Other aspects of general writing are less relevant to contract drafting.  General writing practice may frown on repeated use of the same word, preferring what Fowler called elegant variation.  In a school essay, it may be good form to refer to someone as a boy in one paragraph, a lad in another, and a youth in a third.  In contracts, the same word should be used repeatedly if the same meaning is intended.  If a different word is used (eg affiliate in one clause and subsidiary in another), the judge may assume that a different meaning is intended.

Understanding what the general writing conventions are, when to use them, and when to avoid them, are all part of the contract drafter’s toolkit.  An advanced contract drafter is likely to be aware of some of the guide books in this area, such as (in the UK) the Complete Plain Words, originally by Sir Ernest Gowers, or (in the US) the Chicago Manual of Style.

As time passes, writing conventions change.  People of IP Draughts’ generation know that some people get very exercised about certain conventions.  If you disagree with, or don’t care about, these conventions, that is fine by me, but be aware that your professional work may be disparaged for apparently trivial reasons by people who do care about them.  Some of us are tempted to go along with the conventions for a quiet life.  Some of IP Draughts’ younger colleagues are unfamiliar with these conventions.  Perhaps Disgusted of Tunbridge Wells has reached retirement age, and no longer carries the nation with him or her (or do I mean them?)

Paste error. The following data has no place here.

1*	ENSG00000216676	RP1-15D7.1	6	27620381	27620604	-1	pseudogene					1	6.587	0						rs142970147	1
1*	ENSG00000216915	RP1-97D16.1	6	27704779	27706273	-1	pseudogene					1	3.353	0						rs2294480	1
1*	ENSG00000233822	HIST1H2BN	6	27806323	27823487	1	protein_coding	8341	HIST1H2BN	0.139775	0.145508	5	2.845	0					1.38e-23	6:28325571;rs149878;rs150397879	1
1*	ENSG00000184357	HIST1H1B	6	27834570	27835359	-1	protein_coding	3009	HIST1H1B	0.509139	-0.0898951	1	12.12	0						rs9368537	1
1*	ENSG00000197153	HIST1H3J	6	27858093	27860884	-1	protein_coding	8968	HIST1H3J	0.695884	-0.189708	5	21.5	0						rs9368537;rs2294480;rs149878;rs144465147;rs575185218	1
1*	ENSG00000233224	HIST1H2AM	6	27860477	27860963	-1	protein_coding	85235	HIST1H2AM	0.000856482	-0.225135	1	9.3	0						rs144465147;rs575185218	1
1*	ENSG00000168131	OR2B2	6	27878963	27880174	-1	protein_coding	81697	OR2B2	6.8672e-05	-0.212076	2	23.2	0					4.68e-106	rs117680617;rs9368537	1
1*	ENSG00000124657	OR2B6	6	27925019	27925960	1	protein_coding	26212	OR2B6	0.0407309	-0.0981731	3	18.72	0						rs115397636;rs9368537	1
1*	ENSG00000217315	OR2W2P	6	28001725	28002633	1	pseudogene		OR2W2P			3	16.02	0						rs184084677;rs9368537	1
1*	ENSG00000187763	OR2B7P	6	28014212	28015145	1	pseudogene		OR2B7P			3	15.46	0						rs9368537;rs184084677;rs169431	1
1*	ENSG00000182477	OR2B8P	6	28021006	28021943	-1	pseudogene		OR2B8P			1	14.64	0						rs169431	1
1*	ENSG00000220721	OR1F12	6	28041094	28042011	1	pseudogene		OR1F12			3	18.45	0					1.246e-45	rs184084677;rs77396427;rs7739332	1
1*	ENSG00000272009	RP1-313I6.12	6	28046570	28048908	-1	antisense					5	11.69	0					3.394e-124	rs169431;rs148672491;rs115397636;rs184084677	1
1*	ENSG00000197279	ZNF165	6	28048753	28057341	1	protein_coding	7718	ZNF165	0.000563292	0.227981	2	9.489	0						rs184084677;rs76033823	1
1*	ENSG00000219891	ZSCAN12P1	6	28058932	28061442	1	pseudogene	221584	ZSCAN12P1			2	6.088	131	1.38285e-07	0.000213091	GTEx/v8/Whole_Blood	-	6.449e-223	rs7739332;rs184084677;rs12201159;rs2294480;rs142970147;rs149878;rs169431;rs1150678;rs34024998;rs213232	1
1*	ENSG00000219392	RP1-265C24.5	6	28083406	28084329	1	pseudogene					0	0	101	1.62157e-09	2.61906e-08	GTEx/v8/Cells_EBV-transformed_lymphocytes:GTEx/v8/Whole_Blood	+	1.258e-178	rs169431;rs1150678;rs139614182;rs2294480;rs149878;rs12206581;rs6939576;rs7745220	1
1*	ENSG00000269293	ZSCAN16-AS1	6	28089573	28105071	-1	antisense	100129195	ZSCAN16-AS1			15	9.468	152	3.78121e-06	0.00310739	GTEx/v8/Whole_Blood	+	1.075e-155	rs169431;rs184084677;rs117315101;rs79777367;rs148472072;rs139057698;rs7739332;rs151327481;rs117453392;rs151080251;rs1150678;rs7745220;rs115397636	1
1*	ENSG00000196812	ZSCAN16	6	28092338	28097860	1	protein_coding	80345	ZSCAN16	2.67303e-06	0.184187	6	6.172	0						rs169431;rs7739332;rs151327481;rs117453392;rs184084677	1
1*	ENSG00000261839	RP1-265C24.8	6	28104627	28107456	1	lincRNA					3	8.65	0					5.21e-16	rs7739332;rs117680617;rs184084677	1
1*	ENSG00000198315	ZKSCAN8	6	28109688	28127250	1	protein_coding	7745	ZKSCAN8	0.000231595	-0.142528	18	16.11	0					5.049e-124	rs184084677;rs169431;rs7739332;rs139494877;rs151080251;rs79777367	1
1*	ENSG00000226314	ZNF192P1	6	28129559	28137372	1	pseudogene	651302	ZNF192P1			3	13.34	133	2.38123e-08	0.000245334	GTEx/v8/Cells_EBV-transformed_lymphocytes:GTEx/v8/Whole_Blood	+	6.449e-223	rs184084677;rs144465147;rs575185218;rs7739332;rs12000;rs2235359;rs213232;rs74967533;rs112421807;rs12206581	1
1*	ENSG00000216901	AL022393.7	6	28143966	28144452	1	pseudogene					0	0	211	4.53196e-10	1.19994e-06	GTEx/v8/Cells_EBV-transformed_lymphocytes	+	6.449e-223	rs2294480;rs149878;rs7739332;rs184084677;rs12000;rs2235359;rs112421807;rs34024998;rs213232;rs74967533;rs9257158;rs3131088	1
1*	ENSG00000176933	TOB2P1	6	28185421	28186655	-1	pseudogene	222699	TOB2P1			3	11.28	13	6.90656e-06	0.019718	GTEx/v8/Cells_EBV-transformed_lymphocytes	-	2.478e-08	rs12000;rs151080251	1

In no particular order, and with no attempt at being comprehensive, here are some that have been hard-wired into IP Draughts’ consciousness as a result of childhood indoctrination.  When he breaks the convention (as he often does) he does so with a few drops of residual guilt running through his veins.

Don’t split an infinitive.  But splitting an indicative is fine.  To boldly go where no man has gone before is considered wrong, but for tedious historical reasons you will boldly go is fine.

Data is a plural noun.  The singular form is datum.

Don’t end a sentence with a preposition.  Winston Churchill is thought to have been writing ironically when he scribbled in the margin of a paper that had been sent to him, “up with this I will not put”.  By using this convoluted phrase he avoided saying “I will not put up with this”; the latter version ends with a preposition.

Don’t start a sentence with a conjunction (eg and or but).  As a mischievous schoolboy, IP Draughts liked to start sentences with “But for the …” (an exception to the no-conjunctions rule) in the hope of catching out his pedantic English teacher.

General drafting conventions are covered in our course on Advanced Contract Drafting – details here.


Filed under Contract drafting